- Animal science
- Molecular biology
- Organic and inorganic chemistry
Doctor of Veterinary Medicine
All prospective veterinarians must earn a Doctor of Veterinary Medicine (DVM) and licensure in order to diagnose and treat animals. According to the Association of American Veterinary Medical Colleges (AAVMC), there are only 28 accredited veterinary schools in the United States (www.aavmc.org). Due to the relatively small number of accredited vet schools, admission can be extremely competitive.
Coursework in veterinary schools is typically concentrated in the biological sciences. In addition to learning medical skills, students must also understand how to treat disease, illness or injury, as well as the biological systems of various animals and proper nutrition. Students learn procedures and foundational science concepts in classrooms, labs and clinical rotations. Courses in a DVM program may include:
- Clinical and communication skills
- Animal nutrition
- Small and large animal surgery
Combined Doctor of Veterinary Medicine and Master's Degree Program
Some veterinary schools offer dual degree programs in which students can earn their DVM and a separate master's degree. The master's degree may be in a variety of fields, including public health and biomedical sciences.
Students may complete coursework that complements their DVM degree program. In most cases, coursework will vary in these programs based on the selected master's degree. Some programs offer research projects or capstone classes. Students may take courses such as:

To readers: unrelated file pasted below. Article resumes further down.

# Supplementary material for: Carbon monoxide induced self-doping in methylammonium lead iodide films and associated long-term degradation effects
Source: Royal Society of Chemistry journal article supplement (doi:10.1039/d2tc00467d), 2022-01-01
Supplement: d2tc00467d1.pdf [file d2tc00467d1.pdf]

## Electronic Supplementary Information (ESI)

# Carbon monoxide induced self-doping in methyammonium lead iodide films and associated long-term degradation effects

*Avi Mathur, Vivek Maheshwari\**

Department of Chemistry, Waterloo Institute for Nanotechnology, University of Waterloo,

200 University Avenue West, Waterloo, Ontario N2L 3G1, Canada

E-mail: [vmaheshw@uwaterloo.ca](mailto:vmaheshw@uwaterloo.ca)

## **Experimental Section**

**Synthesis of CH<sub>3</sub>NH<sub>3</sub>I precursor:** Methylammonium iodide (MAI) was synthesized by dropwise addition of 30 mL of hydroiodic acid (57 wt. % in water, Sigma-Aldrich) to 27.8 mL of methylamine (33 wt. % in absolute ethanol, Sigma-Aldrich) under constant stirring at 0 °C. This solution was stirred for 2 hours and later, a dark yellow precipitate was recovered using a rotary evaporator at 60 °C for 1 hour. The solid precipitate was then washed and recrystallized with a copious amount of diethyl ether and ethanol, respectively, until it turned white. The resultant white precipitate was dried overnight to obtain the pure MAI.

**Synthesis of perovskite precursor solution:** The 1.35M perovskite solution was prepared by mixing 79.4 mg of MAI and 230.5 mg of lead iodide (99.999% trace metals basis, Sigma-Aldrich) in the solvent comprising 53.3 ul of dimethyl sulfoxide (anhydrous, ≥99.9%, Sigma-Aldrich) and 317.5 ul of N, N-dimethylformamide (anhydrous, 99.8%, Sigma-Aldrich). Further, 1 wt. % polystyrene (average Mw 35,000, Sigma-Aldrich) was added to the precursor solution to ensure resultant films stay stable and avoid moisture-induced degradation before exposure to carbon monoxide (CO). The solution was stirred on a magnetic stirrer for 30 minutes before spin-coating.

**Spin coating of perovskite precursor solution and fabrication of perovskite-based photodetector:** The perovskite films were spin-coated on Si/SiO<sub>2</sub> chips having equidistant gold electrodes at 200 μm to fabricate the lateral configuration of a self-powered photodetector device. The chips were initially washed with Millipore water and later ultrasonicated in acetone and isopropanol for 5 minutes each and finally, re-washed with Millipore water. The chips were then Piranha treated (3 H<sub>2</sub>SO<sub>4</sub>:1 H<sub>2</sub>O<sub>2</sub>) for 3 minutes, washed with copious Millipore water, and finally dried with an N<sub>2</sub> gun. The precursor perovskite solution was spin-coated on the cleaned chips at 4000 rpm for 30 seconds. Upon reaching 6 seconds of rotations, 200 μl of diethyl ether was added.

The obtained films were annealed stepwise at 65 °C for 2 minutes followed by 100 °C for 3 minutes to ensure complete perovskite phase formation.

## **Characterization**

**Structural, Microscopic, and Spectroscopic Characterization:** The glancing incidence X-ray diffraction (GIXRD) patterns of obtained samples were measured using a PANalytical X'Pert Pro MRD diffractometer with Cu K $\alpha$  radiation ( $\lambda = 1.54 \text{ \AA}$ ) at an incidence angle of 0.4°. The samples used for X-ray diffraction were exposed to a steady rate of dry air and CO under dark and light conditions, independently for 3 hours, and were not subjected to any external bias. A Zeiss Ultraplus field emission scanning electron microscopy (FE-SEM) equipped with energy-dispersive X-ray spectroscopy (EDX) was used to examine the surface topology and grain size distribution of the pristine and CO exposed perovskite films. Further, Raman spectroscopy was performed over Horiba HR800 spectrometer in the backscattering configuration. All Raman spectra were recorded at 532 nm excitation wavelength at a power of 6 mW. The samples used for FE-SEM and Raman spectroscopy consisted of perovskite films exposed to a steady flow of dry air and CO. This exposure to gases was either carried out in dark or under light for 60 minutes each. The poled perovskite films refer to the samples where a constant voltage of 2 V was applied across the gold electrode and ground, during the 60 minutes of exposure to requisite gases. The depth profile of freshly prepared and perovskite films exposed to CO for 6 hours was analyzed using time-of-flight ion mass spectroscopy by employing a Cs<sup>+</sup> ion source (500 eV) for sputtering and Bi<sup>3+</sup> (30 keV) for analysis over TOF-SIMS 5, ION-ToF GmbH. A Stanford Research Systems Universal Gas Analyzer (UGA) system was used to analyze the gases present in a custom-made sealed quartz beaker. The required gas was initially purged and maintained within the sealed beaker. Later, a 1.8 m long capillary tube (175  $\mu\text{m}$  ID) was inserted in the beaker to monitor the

- Infectious diseases
- Specialized research
- Public health
Popular Career Options
Typically, individuals who complete a bachelor's degree program that includes a pre-veterinary track have plans to continue to veterinary school. However, they could also pursue career options such as:
- Animal technician
- Environmental technologist
- Veterinary technician
Employment Outlook and Salary Information
According to the U.S. Bureau of Labor Statistics (BLS), the employment of veterinarians from 2019 to 2029 is expected to increase by 16%. This growth may be attributed to greater veterinary options through advances in technology, as well as a greater national emphasis on pet care. In 2019, the BLS reported that the median annual salary for veterinarians was $95,460.
Continuing Education Information
Some veterinary doctors also pursue PhD degrees if they desire to work in research or education. Some universities also offer dual DVM and PhD degree programs. Typically, these programs include thesis projects and extensive research requirements.
All veterinarians must complete the North American Veterinary Licensing Examination in order to be qualified to work. There may also be specific licensing requirements by states.
Students who want to become veterinarians should look into choosing a bachelor's degree that pairs well with veterinary school. Once students complete their DVM, they can go on to obtain licensure in the state they plan on practicing in.